“Despite … project delays/cancellations and work slowdowns/suspensions, just as the concern that construction activity would grind to a complete halt in 2020 did not materialize, there has not been any reported significant increase in Surety claim activity directly attributable to the pandemic, as some initially expected. This appears to have been due, at least in part, to the fact that project participants have been able to negotiate equitable sharing arrangements for the additional costs caused by the stay-at-home orders and work shutdowns in the form of delays, reduced productivity, and health and safety compliance costs.”

No shortage of challenges remains for the construction industry in 2021 – including greater scrutiny and selectivity by Surety underwriters – but for those who can meet underwriters’ heightened standards, Surety is likely to maintain a steady, strictly adhered to course.

The Outlook Entering 2021

Here’s the outlook for Surety as outlined in Alera Group’s Property & Casualty 2021 Market Outlook whitepaper, released in December 2020:

► The Surety sector is coming off a decade of profitable growth, relaxed underwriting and significant surplus growth.

► The sufficiency of capital and prior underwriting profitability likely ensures sufficient market availability and capacity for 2021.

► Because of the economic uncertainty that influences construction and Surety markets, expect to experience a tightening of underwriting and more rigid selectivity requirements from insurers.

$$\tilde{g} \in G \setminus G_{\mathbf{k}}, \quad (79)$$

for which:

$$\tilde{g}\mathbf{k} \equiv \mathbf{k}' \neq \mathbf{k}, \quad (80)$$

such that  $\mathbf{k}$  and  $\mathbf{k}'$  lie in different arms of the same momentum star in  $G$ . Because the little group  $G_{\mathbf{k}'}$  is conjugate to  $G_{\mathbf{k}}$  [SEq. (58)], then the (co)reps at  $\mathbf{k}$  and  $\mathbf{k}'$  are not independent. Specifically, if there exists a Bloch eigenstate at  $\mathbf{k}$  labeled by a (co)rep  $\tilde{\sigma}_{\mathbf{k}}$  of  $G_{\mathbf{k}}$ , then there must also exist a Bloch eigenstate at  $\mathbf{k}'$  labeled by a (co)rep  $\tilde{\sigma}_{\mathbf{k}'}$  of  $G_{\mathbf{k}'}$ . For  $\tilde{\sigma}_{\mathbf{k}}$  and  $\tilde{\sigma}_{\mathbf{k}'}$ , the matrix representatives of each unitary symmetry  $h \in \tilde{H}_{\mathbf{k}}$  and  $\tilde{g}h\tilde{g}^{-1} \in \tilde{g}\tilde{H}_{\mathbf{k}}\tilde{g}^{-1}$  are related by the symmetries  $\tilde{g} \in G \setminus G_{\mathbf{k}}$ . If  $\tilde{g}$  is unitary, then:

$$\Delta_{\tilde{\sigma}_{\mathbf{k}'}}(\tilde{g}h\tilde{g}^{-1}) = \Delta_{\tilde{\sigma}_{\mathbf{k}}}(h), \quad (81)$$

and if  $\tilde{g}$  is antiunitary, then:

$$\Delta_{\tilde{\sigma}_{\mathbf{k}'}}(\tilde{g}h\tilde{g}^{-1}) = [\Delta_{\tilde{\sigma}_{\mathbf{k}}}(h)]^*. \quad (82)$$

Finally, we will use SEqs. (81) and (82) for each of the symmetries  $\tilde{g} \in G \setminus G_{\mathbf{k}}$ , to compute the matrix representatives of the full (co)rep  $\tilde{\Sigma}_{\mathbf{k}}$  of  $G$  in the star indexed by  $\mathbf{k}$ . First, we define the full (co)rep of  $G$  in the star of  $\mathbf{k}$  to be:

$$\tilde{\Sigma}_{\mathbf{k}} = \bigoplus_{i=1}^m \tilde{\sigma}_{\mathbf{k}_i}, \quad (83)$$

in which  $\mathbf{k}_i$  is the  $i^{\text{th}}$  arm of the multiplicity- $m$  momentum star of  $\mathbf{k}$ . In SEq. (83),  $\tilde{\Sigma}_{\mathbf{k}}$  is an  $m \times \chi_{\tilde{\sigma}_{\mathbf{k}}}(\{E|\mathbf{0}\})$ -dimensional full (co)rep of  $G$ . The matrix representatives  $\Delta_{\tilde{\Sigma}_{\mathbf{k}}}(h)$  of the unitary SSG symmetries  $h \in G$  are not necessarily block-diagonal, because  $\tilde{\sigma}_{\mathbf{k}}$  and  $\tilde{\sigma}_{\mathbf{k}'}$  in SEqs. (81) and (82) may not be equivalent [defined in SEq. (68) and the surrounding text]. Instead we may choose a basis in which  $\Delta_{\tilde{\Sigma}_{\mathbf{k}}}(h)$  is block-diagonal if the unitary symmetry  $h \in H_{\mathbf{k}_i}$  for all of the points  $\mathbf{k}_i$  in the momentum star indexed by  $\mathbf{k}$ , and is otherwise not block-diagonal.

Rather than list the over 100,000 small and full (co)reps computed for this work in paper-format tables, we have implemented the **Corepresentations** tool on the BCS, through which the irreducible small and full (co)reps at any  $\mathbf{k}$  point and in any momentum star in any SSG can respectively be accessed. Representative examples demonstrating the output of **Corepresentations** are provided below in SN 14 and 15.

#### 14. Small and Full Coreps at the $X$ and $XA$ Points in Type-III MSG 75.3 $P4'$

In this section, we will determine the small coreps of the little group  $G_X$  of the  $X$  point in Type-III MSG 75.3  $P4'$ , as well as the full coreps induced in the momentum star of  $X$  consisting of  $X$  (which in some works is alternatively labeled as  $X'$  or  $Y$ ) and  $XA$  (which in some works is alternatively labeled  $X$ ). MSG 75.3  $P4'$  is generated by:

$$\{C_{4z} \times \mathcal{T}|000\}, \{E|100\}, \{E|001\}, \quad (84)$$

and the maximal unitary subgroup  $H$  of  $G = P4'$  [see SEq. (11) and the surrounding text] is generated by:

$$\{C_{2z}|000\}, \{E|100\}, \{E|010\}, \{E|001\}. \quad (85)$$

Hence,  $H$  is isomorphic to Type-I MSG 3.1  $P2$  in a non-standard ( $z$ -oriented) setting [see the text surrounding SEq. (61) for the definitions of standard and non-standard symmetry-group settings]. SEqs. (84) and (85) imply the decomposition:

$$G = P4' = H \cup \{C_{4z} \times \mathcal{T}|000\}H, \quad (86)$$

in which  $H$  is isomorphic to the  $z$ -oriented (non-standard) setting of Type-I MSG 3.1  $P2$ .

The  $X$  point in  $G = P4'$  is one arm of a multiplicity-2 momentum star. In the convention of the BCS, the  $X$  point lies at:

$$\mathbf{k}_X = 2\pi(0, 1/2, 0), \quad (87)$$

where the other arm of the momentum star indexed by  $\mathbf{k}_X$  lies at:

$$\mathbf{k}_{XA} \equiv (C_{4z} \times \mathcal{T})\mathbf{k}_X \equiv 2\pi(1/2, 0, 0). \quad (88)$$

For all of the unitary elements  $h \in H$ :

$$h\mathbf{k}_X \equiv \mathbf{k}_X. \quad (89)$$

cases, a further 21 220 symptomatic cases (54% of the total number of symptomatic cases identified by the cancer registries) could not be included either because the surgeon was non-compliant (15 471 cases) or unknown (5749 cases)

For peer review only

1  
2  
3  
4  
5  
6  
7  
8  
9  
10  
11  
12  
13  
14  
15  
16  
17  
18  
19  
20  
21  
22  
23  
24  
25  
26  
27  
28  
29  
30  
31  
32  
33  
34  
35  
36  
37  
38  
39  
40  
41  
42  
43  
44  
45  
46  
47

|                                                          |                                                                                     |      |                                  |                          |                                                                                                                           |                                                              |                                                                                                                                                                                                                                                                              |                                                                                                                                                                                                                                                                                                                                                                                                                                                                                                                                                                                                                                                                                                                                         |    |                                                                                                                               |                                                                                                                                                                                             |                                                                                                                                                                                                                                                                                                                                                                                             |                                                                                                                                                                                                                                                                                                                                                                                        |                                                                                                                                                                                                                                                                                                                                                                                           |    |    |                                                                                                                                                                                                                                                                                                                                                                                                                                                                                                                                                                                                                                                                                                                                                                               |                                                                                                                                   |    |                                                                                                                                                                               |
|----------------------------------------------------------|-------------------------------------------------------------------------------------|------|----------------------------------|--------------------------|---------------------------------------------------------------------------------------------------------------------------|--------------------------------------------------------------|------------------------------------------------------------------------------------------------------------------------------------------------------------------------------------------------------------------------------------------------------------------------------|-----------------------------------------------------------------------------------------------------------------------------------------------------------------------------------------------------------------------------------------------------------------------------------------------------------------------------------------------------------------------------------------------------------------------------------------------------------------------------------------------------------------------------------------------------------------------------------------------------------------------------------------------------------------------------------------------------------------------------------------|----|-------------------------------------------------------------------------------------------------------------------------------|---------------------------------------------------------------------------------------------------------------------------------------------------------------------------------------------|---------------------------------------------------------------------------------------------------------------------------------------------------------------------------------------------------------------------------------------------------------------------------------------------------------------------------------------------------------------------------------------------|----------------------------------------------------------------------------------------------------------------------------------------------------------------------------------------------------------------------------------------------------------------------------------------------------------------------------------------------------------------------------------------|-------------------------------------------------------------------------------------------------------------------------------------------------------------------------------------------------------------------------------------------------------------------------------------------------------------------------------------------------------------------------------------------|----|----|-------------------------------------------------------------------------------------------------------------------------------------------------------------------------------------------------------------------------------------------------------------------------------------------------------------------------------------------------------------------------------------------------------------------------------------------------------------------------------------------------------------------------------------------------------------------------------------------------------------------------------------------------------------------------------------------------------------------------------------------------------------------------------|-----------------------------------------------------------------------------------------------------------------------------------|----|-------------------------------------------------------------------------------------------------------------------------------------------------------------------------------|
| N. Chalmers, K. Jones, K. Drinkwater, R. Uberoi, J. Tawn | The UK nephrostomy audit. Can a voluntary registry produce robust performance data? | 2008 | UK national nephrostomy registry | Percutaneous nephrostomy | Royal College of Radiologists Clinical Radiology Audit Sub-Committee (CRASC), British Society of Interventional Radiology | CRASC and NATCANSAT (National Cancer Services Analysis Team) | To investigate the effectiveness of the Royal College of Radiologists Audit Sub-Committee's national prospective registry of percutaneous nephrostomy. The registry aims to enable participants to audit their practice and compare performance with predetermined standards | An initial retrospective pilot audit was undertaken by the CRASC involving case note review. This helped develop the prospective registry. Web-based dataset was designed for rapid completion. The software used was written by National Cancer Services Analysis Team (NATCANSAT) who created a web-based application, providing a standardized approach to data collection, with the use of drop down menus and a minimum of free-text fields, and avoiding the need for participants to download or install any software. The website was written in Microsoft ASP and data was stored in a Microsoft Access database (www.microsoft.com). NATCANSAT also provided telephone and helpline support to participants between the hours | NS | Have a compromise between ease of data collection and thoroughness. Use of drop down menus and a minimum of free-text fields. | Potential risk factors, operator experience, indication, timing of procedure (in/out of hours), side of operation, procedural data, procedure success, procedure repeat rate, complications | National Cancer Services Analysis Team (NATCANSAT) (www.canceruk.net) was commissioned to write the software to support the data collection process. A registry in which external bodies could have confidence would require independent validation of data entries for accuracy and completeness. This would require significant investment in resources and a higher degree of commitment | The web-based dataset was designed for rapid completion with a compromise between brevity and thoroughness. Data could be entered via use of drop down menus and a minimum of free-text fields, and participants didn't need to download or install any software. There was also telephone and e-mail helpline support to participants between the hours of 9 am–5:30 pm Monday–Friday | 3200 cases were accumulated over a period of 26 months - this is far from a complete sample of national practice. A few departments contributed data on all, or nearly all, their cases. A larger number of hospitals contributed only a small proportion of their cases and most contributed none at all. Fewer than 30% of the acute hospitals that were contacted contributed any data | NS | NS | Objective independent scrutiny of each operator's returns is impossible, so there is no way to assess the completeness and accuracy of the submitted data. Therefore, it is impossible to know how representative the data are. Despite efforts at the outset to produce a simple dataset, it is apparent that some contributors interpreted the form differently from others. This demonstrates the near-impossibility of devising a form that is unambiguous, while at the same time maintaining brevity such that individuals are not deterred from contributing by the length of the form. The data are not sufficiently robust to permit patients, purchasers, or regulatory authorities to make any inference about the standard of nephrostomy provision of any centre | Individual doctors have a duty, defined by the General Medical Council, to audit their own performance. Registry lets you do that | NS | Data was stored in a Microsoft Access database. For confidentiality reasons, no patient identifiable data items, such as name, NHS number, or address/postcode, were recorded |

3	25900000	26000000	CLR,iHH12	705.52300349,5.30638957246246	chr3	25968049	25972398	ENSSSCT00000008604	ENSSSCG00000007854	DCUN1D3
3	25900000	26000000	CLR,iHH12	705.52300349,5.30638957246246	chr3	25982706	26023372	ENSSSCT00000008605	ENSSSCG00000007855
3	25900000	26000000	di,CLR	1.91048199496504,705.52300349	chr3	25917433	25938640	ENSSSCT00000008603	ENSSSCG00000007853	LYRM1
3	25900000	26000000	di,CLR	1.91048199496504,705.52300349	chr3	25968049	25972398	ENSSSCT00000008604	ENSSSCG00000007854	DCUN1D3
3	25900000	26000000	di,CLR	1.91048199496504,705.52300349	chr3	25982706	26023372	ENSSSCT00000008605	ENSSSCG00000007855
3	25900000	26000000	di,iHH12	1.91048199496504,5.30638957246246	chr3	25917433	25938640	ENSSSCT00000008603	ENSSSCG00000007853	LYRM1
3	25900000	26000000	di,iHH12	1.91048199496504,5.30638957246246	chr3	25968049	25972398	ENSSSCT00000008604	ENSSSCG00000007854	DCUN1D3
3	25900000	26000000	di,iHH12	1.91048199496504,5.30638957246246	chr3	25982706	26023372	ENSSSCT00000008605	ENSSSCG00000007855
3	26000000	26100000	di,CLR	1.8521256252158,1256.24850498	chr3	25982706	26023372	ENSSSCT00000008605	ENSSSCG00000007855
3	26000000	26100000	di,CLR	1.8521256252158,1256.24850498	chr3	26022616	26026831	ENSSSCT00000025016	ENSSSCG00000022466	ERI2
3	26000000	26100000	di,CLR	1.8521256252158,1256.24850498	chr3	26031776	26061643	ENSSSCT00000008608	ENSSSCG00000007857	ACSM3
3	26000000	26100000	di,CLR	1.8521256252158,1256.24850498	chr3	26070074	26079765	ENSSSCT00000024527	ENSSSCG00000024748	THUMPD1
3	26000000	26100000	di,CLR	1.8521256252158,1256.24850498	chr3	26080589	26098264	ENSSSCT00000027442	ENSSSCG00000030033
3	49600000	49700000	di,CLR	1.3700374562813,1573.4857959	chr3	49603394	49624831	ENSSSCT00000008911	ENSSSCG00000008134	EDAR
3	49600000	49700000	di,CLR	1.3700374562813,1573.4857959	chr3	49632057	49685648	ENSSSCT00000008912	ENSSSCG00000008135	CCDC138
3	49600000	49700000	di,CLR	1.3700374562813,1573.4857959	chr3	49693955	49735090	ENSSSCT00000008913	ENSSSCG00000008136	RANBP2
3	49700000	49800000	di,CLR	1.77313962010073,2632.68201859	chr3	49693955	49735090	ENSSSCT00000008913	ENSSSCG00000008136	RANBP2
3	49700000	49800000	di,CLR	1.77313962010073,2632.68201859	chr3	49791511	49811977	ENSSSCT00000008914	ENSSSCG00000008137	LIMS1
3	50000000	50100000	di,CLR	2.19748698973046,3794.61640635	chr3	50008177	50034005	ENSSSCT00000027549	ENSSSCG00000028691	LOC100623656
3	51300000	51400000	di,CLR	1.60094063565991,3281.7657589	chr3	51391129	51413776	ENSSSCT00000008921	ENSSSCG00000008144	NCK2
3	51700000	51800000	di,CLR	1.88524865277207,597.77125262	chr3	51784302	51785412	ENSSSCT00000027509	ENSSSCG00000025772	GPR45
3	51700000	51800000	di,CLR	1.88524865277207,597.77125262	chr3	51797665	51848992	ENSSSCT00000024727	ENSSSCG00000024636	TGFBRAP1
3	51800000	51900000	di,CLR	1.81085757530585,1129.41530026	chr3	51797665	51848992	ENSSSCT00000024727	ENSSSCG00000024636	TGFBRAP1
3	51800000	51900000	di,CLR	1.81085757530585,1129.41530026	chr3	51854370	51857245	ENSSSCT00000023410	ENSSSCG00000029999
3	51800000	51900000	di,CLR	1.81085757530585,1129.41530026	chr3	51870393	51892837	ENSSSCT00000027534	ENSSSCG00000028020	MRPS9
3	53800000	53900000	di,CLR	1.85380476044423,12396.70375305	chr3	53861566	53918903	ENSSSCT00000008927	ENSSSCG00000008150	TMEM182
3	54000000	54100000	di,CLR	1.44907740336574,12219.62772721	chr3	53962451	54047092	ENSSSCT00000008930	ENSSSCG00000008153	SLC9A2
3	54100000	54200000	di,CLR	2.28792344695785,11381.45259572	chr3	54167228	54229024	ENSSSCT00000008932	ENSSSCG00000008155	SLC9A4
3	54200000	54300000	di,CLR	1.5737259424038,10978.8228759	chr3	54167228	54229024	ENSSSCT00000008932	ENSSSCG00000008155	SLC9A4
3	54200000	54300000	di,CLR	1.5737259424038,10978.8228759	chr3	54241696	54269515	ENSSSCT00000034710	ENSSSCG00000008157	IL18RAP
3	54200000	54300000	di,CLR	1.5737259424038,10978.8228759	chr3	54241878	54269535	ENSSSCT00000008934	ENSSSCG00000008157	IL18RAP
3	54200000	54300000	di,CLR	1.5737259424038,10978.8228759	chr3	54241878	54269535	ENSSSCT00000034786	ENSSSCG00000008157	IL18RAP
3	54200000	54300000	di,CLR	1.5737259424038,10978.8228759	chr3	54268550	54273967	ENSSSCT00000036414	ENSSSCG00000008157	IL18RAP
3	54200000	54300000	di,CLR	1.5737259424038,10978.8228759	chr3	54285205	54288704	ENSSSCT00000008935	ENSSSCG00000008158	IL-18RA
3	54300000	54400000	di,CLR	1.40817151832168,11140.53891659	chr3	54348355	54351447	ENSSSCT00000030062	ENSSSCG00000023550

• Emphasis will be on liquidity and cash/cash flow, and credit.
  • For general contractors, focus will be on financial health, quality and financial strength of subcontractors and the amount of work in the pipeline.

► Underwriters will give extra attention to businesses most heavily impacted by the COVID-19 pandemic, such as retail, hospitality and travel, due to liquidity concerns.

► Unknown favorable impact could come from a federal stimulus bill and/or financial support for infrastructure improvements.

Buyers of Surety bonds were likely to face increased underwriting scrutiny and selectivity, the Market Outlook noted, but projected rates, availability and capacity all indicated a stable marketplace.

To obtain the entire Property & Casualty 2021 Market Outlook whitepaper, click the link below.


What’s New

Although much has happened since Alera Group released its Market Outlook and Robinson+Cole published its relatively optimistic overview, little has changed in the outlook on the Surety market for the construction industry.

As Alera Group colleague Kurt Sokolowski of TriSure recently wrote, the construction industry in 2021 faces a good news/bad news scenario. The good news: the promise of an improved economy and green lights on delayed projects, continued progress in the battle against COVID-19 and an expected surge in infrastructure construction spending. The bad: a further-hardened P&C marketplace and endangered status of countless subcontractors.